The March 2017 Manufacturing ISM® Report on Business®indicates another solid month for a manufacturing uptick. The ISM Purchasing Managers’ Index (PMI) came in at 57.2%, a 0.5 percentage point reduction from February 2017. The March data add to mounting evidence that U.S. manufacturing output performance is on track for moderate improvement up from the stagnant average growth rate of less than 1% that has plagued the factory sector since 2013.
The Manufacturers Alliance for Productivity and Innovation (MAPI) Foundation released its quarterly forecast, U.S. Industrial Outlook: Glimmers of Light. The forecast shows positive signs of global economic stability. Low interest rates and the likelihood of fiscal policies to increase growth suggest the United States will not face a recession. However, the forecast is still indicating only modest to moderate U.S. economic performance and limited manufacturing output growth.
Growth & Innovation, Research & Development, Research, Innovation, Operations, Information Technology
Germany and the U.S. continue to drive innovation around the Industrial Internet. The two countries are economic powerhouses and they are keenly aware of the importance of internet connectivity for business applications. Yet their approaches to harnessing it differ, as I documented in a 2015 report. What’s changed since then?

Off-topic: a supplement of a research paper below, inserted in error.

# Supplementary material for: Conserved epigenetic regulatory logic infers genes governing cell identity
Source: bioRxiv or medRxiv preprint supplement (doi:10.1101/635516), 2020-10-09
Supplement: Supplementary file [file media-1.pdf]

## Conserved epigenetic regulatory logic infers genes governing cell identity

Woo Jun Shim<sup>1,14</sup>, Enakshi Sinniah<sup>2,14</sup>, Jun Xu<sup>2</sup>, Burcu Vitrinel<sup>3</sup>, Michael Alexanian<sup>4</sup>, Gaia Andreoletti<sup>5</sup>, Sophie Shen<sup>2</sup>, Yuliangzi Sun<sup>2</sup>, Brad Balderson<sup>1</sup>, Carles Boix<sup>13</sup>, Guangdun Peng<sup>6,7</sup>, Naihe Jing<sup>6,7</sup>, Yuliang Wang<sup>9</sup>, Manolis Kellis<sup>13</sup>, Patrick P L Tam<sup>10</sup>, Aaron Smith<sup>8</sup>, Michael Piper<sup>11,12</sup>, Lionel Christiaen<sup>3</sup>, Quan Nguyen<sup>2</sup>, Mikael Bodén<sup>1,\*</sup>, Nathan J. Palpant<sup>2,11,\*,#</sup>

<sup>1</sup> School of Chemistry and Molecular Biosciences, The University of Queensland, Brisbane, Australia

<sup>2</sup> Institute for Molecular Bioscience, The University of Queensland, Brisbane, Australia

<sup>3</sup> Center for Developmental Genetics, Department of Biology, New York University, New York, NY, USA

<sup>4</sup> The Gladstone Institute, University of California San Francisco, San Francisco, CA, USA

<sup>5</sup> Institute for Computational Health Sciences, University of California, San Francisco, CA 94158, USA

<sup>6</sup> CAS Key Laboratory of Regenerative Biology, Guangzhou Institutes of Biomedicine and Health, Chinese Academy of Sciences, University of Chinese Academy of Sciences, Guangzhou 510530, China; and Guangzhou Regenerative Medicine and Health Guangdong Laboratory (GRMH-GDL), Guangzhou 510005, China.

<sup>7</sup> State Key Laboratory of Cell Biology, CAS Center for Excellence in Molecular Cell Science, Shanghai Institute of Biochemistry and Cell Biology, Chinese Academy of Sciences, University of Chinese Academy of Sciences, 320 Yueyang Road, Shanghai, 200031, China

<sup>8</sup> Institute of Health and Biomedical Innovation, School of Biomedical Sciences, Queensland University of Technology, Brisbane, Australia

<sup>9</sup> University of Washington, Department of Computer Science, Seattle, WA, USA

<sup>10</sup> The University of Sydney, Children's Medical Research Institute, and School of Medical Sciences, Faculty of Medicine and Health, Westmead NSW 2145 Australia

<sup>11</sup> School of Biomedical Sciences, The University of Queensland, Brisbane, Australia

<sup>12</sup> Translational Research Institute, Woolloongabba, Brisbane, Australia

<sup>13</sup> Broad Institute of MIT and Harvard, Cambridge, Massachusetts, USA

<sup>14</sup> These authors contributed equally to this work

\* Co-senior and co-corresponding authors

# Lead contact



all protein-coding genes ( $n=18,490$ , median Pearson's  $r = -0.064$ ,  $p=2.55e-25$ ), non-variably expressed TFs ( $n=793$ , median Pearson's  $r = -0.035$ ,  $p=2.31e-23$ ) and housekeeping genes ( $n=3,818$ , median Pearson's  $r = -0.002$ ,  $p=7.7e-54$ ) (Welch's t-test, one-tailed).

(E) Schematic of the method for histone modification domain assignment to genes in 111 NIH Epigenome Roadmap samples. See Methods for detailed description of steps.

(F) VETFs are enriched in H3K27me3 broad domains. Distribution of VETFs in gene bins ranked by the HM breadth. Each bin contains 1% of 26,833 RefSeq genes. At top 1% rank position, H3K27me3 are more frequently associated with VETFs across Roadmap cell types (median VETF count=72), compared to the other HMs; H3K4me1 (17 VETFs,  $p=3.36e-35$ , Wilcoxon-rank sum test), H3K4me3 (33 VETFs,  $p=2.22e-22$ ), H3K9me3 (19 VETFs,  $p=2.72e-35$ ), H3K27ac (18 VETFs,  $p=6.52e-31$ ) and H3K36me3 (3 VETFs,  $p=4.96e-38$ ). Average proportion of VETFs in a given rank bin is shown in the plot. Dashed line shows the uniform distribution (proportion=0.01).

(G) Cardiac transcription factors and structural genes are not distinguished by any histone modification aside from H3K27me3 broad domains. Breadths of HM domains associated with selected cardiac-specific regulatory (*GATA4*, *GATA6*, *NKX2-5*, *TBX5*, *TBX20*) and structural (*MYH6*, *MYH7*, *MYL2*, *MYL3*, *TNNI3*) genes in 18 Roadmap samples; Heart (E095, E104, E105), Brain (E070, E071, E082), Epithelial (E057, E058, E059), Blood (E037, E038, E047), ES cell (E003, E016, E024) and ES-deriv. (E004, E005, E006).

Yet again, the labor market is the one strong player in an otherwise lackluster economic expansion. After a slowdown in the latter months of 2016, total net new job growth registered an unexpectedly strong 227,000 in January. With the current unemployment rate at 4.8%, this has provoked debates as to whether we have hit a level below which inflation and other expansion-threatening instabilities begin to appear.
There is good news for manufacturers from the Purchasing Managers’ Index. It rose by 1.5 points in the last month to 56%, continuing its five-month upward trend and indicating a likelihood of U.S. manufacturing growth. However, we should be cautious in the interpretation of this indicator because as history has shown, in uncertain times, we need a fuller set of indicators to forecast growth.
Global Economy, Competitiveness, Government Policy, Economic Environment, Labor
While there is no debating that China must engage in acceptable trade practices, the world must recognize significant shifts in the Chinese landscape. Far from just slowing, China is seeing changes to its growth composition and to its potential growth that might turn the economic policy focus more inward, although, without a doubt, China will remain a critical player on the global economic stage. A broad understanding of such shifts in the nation is needed for an optimal answer to the “China question.”